Yaw (Direction) Marks: These tire marks are made by a tire that rotates parallel to the axle of the tank wheel and slides sideways, and are also called side-slip or critical speed friction marks.

Slip Marks: These tire impressions made by a locked wheel resulting from the application of the brakes.

Pressure Marks: Tire marks formed by the rotating tire are called pressure marks.

Scrub Marks: These types of tire marks remain on the vehicle when a wheel is locked due to damage.

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In the order of collection of tire tracks or impressions from the crime scene, it is classified into three categories. The first category of tire tread is visible print, which is visible to the naked eye and can be collected by photography. The second category, called plastic printing, is the 3D impression that can be collected by casting the print using mixtures such as dental calculus and water. Can use a 3D impression of the rubber formed when the mixture dries. The final category of tire marks or markings are hidden prints that are invisible to the naked eye and are found on flat surfaces such as sidewalks, roads, or driveways. An electrostatic and a gelatin-lifting powder print removal device were used to collect such an impression. Once collected, these impressions must be adequately protected to prevent contamination as they are important evidence of crime.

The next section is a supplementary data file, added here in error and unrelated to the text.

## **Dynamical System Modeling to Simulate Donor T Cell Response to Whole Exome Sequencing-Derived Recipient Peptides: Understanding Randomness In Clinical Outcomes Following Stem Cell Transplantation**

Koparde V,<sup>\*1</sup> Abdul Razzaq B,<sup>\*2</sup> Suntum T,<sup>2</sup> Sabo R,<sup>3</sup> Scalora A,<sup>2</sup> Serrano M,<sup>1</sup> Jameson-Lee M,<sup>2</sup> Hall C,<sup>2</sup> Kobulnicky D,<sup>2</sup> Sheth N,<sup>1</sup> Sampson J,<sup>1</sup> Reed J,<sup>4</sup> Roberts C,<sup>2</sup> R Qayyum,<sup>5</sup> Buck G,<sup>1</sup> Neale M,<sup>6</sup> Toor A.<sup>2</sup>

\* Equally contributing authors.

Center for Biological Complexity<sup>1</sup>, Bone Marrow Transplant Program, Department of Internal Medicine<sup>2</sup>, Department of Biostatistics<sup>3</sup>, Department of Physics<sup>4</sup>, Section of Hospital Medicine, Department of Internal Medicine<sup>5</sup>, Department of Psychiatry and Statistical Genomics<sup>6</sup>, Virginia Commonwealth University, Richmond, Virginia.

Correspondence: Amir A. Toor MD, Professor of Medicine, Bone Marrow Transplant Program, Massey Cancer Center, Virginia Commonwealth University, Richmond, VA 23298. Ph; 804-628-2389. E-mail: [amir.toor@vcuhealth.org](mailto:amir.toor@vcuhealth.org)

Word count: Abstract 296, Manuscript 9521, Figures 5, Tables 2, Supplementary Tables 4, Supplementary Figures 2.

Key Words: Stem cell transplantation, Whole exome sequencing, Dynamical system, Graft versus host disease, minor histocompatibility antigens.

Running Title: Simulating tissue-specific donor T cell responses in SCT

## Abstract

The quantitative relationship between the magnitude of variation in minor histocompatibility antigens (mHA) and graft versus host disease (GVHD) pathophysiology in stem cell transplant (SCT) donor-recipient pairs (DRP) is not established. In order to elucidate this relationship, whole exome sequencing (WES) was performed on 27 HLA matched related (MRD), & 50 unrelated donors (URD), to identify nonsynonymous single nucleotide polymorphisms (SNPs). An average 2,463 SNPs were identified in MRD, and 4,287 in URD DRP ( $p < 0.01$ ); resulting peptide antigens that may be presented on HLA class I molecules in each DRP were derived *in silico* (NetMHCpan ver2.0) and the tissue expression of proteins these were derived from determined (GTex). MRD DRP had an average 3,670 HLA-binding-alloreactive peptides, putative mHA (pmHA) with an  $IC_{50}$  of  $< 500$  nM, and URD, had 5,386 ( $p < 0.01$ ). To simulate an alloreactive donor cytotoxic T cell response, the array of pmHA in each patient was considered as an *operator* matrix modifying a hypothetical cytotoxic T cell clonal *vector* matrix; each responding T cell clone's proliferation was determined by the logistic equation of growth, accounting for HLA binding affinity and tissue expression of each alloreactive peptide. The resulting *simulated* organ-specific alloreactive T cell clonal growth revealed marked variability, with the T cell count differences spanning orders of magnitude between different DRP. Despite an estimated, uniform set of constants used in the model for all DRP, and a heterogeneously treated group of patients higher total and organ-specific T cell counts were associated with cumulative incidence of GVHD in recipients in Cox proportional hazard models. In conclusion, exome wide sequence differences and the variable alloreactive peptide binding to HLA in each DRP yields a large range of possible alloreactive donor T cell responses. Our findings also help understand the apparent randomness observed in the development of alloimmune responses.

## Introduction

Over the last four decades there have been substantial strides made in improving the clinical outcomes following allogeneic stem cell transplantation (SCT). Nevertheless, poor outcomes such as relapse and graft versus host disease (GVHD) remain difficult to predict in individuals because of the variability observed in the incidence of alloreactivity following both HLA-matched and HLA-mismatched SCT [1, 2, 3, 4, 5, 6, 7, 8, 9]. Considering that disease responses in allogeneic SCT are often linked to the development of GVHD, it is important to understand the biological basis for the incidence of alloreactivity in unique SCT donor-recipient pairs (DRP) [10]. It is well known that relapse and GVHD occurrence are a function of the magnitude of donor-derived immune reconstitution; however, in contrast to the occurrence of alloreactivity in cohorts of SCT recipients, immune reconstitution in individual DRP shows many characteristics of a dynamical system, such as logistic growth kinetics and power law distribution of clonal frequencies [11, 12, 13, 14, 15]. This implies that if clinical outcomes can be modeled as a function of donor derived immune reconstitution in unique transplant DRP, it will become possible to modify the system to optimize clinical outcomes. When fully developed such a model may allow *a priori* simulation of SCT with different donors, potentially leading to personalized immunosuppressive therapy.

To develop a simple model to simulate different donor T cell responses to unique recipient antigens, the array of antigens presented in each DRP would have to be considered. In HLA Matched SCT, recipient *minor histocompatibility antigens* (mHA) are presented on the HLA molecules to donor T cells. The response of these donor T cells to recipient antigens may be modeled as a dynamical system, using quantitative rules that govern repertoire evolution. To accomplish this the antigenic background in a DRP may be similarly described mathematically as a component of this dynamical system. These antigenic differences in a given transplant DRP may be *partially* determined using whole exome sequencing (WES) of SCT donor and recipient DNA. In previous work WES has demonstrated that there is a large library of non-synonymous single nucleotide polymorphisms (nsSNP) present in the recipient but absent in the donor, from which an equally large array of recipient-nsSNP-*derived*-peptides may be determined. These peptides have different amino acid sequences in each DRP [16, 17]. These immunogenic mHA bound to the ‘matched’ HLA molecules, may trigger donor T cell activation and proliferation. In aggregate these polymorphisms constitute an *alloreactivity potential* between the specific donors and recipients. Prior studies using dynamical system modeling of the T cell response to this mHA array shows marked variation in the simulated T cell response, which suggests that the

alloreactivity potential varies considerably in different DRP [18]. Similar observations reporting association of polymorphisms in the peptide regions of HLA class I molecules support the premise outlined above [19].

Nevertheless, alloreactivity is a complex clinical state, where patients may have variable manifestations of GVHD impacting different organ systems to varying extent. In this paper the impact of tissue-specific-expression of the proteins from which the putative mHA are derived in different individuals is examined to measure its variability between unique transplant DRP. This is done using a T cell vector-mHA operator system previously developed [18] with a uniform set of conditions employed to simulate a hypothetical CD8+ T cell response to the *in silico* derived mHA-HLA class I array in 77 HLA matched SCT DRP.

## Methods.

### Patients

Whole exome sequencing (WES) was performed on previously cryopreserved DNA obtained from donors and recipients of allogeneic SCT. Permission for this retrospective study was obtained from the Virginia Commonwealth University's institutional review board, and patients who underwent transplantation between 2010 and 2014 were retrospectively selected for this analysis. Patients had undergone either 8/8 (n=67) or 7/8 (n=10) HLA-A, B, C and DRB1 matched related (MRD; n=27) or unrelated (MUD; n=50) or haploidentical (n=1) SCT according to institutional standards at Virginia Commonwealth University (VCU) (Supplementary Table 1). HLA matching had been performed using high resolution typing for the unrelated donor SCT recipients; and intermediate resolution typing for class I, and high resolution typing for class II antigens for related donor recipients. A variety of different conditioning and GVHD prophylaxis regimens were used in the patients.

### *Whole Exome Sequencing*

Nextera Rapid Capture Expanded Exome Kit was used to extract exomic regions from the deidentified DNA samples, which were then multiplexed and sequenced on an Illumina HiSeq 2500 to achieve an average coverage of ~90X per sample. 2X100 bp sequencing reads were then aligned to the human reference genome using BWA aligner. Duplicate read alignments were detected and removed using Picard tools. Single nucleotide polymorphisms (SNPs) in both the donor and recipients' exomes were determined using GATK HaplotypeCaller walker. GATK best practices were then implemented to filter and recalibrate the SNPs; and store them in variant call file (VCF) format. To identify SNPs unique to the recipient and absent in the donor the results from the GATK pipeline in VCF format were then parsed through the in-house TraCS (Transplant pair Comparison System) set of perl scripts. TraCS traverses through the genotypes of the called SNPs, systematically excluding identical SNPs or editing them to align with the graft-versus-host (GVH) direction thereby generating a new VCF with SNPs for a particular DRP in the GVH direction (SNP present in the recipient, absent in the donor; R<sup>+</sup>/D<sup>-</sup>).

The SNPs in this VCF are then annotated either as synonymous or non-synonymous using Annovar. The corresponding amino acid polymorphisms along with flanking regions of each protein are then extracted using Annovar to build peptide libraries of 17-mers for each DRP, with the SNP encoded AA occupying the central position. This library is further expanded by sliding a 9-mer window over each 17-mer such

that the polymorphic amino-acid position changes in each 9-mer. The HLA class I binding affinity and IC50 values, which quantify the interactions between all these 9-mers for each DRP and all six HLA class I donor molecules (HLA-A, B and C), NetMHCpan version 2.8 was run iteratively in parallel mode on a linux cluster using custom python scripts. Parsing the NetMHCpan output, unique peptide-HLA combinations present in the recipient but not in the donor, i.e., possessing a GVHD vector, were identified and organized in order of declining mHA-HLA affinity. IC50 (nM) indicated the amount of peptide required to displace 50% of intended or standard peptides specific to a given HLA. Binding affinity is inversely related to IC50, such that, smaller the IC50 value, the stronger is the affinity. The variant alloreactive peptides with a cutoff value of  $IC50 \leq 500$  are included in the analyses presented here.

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Because different manufacturers produce different types of tire patterns, tread impressions can help narrow down the brand, style and size. Tire impressions can try to match through searchable databases that help an investigator identify criminal facts and evidence. It also helps to identify the perpetrator.